Since the Gezi Park protests in May-June 2013, foreign observers noted a considerable difference between Turkey’s two key leaders: President Abdullah Gul and Prime Minister Recep Tayyip Erdogan. Gul, in almost every political controversy, took a more conciliatory tone, while Erdogan excelled in his uncompromising, defiant, combative style. When Gul said that he “received the message” of the Gezi Park protesters, for example, pointing out that “democracy is not just about elections,” Erdogan instead condemned the protesters as “looters” and called everybody to simply respect the winners at the ballot box. With regard to the controversies on “the parallel state,” Twitter and YouTube or foreign conspiracies against Turkey, Gul again repeatedly took stances that can be broadly called liberal. Erdogan, meanwhile, proved consistently authoritarian.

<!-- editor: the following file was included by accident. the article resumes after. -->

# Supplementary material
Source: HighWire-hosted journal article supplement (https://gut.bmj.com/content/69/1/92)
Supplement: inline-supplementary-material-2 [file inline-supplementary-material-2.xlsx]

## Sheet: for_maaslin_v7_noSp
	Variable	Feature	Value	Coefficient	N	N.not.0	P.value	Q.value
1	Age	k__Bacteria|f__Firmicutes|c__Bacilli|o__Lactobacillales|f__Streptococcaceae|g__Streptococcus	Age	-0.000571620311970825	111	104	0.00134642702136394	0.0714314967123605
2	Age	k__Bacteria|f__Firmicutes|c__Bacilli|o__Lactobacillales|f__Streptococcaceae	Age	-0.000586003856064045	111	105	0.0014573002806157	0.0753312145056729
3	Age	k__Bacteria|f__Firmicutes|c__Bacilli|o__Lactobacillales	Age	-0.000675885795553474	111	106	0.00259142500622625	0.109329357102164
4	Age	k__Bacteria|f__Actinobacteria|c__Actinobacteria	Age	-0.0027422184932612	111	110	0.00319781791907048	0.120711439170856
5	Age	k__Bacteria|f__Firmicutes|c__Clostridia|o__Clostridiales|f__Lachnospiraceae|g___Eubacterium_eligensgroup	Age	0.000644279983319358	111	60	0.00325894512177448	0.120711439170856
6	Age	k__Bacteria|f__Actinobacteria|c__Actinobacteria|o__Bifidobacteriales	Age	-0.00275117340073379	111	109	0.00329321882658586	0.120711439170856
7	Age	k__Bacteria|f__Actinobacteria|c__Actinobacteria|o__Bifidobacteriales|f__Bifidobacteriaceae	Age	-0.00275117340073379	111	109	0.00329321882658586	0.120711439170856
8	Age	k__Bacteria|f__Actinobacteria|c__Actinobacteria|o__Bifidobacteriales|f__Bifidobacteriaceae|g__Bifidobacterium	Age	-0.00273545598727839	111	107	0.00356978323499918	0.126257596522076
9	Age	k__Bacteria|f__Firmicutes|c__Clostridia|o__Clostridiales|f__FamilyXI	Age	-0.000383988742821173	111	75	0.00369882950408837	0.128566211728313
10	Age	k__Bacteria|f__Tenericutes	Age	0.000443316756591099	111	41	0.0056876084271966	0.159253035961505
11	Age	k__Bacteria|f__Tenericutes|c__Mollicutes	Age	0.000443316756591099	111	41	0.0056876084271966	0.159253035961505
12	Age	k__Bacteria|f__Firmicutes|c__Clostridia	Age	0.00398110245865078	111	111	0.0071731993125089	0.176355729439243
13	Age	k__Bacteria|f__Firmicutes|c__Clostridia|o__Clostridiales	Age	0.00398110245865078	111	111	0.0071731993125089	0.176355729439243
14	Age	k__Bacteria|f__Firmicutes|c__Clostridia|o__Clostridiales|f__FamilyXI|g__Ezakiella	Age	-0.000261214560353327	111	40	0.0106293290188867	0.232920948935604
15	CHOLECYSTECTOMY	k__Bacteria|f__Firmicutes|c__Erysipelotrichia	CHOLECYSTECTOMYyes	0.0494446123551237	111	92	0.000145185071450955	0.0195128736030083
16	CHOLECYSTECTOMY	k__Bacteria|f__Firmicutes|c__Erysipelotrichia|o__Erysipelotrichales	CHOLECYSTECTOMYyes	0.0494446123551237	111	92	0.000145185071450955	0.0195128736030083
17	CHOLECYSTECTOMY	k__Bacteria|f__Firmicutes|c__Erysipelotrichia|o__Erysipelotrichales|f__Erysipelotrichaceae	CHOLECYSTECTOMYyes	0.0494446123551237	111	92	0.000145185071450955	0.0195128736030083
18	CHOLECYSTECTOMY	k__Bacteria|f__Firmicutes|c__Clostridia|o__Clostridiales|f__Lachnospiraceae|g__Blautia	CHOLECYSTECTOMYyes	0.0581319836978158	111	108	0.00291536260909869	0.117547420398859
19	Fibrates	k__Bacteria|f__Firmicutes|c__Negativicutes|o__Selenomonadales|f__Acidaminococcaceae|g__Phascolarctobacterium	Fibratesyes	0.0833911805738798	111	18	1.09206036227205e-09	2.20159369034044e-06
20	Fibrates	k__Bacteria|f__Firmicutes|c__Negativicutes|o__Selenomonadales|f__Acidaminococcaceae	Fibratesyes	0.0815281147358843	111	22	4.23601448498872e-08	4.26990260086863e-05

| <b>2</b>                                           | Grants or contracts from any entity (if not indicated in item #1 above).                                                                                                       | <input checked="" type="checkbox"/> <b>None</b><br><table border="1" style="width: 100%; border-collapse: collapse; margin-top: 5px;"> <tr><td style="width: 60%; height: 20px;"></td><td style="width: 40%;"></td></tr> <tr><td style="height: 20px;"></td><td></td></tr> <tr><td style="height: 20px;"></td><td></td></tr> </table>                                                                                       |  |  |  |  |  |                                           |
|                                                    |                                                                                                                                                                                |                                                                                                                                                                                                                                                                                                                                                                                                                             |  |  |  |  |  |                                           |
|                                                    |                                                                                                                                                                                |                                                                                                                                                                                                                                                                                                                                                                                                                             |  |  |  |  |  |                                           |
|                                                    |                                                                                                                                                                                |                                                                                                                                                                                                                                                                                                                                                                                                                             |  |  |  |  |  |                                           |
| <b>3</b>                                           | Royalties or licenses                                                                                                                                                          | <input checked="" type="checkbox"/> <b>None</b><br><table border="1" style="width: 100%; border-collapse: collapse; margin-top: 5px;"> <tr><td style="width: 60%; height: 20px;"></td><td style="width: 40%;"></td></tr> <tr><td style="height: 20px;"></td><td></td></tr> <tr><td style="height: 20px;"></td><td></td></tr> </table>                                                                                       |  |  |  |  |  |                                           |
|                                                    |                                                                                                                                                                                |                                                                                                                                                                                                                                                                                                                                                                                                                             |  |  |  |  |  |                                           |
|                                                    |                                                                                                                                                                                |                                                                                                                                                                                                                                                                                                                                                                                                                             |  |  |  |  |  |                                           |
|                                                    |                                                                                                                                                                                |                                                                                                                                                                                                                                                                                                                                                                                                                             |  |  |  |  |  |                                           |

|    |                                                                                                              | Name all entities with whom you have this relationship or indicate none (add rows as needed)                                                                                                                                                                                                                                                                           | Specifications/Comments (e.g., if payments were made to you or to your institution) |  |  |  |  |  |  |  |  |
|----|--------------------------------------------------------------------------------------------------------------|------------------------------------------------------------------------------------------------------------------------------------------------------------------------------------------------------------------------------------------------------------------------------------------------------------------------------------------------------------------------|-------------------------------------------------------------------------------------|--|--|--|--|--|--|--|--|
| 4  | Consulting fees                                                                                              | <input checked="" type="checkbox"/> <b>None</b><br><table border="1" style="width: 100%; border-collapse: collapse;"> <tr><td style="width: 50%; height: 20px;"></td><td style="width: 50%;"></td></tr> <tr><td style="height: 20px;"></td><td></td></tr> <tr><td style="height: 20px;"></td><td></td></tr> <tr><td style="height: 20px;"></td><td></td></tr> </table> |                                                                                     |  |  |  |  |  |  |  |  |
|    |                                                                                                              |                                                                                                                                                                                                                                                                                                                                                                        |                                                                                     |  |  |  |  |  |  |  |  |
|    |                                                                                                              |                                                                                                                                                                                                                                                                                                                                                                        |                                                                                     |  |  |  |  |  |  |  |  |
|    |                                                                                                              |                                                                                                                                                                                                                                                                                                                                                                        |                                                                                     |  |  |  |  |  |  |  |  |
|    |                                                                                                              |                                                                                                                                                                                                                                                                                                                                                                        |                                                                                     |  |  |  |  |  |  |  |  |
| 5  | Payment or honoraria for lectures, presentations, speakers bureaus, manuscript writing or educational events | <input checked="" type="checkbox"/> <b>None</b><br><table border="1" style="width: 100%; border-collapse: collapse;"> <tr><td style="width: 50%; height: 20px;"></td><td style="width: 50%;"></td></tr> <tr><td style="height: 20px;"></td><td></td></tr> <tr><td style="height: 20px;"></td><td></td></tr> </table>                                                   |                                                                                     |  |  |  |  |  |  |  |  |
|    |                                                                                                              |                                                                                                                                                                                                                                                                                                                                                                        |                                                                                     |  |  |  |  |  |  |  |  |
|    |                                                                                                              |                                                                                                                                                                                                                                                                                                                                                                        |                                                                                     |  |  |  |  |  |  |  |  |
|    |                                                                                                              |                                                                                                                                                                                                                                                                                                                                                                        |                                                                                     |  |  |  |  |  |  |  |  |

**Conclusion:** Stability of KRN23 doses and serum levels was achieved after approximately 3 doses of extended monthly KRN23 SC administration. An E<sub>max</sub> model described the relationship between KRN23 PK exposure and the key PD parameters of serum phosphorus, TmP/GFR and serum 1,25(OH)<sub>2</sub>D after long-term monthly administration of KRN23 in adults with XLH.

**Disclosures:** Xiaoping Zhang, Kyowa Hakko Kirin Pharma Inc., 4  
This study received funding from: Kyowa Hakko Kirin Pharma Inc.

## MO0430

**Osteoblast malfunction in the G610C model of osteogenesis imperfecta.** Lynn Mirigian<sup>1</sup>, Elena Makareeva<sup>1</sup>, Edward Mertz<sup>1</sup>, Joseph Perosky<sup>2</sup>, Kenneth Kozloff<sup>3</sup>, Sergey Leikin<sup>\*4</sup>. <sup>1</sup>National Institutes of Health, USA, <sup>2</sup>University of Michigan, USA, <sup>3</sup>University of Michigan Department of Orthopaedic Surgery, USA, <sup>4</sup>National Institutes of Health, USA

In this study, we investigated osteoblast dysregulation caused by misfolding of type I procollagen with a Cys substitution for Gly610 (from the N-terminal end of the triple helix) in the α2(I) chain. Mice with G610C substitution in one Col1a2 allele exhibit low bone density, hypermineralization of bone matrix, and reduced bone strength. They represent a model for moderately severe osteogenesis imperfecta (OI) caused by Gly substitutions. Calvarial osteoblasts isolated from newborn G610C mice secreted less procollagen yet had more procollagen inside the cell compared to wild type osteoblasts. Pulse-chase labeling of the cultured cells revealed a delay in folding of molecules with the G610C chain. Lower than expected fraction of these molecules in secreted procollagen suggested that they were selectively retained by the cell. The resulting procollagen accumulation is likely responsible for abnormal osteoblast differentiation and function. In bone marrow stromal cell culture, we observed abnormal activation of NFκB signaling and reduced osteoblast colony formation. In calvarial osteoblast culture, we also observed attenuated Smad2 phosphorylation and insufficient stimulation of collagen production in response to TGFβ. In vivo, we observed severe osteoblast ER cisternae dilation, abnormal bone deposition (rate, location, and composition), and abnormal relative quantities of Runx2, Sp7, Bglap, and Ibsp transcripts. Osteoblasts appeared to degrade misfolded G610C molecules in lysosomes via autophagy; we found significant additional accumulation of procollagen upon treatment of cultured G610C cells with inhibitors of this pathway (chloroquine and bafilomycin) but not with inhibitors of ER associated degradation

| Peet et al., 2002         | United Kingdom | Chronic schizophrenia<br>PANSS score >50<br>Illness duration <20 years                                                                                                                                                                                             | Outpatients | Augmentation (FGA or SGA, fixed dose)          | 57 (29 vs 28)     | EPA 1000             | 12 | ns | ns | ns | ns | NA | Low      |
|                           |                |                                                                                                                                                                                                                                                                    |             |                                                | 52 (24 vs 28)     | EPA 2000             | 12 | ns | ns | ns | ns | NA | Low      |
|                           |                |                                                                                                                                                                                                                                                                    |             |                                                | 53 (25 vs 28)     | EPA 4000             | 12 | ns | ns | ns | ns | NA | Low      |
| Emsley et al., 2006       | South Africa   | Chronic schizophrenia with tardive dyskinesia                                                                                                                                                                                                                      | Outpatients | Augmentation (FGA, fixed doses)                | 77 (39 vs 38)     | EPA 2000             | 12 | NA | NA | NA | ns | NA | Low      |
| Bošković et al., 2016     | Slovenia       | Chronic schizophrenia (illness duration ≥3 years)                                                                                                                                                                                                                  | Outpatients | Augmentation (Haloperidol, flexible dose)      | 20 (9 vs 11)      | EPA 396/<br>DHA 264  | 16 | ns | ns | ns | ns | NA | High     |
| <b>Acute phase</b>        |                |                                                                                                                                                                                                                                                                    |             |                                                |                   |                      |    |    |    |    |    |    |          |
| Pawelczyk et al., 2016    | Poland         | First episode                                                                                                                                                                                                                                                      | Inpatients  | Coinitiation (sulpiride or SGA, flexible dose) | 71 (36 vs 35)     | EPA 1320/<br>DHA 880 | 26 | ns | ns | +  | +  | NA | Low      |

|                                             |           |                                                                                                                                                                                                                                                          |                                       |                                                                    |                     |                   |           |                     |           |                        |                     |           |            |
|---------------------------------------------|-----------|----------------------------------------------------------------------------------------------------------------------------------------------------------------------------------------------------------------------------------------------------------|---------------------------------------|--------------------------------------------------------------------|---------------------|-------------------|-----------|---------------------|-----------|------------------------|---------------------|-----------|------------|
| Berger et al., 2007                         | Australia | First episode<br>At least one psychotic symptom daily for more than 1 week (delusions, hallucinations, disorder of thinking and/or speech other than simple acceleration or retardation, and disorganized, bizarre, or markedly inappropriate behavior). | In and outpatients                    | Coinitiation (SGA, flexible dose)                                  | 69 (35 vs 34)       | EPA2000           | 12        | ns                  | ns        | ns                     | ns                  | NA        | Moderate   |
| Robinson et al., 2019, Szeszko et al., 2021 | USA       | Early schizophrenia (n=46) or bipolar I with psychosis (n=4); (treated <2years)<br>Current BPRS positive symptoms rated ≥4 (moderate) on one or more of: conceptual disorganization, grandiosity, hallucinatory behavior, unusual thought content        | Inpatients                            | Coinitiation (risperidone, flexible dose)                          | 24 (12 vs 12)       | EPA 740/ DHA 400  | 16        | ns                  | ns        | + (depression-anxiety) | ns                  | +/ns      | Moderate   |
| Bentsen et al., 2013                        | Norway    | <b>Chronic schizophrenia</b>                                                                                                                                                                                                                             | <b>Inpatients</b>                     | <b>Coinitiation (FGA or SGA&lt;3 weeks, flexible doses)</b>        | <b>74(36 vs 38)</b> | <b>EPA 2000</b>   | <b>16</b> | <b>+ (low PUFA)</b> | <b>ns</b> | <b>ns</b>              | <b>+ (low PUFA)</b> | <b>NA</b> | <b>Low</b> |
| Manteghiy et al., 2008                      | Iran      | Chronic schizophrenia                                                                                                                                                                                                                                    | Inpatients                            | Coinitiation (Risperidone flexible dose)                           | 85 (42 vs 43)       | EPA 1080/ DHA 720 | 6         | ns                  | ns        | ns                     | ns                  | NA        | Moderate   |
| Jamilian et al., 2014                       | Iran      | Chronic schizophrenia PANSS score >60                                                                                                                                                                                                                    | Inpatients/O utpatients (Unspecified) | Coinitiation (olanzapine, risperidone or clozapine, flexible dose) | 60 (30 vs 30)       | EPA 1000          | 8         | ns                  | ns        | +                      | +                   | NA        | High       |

For most Western observers who observed all these differences, Gul’s line looks more appealing and comforting, while Erdogan’s line looks irrational. They just cannot understand how Turkey’s successful prime minister does not see that he needs to introduce moderation to a deeply polarized country. However, in fact, Erdogan’s position is not irrational at all. Quite the contrary, it is based on a very consistent logic, which is much more established in Turkey than the liberal logic. It is what I call “the Turkish doctrine of pre-emptive authoritarianism.”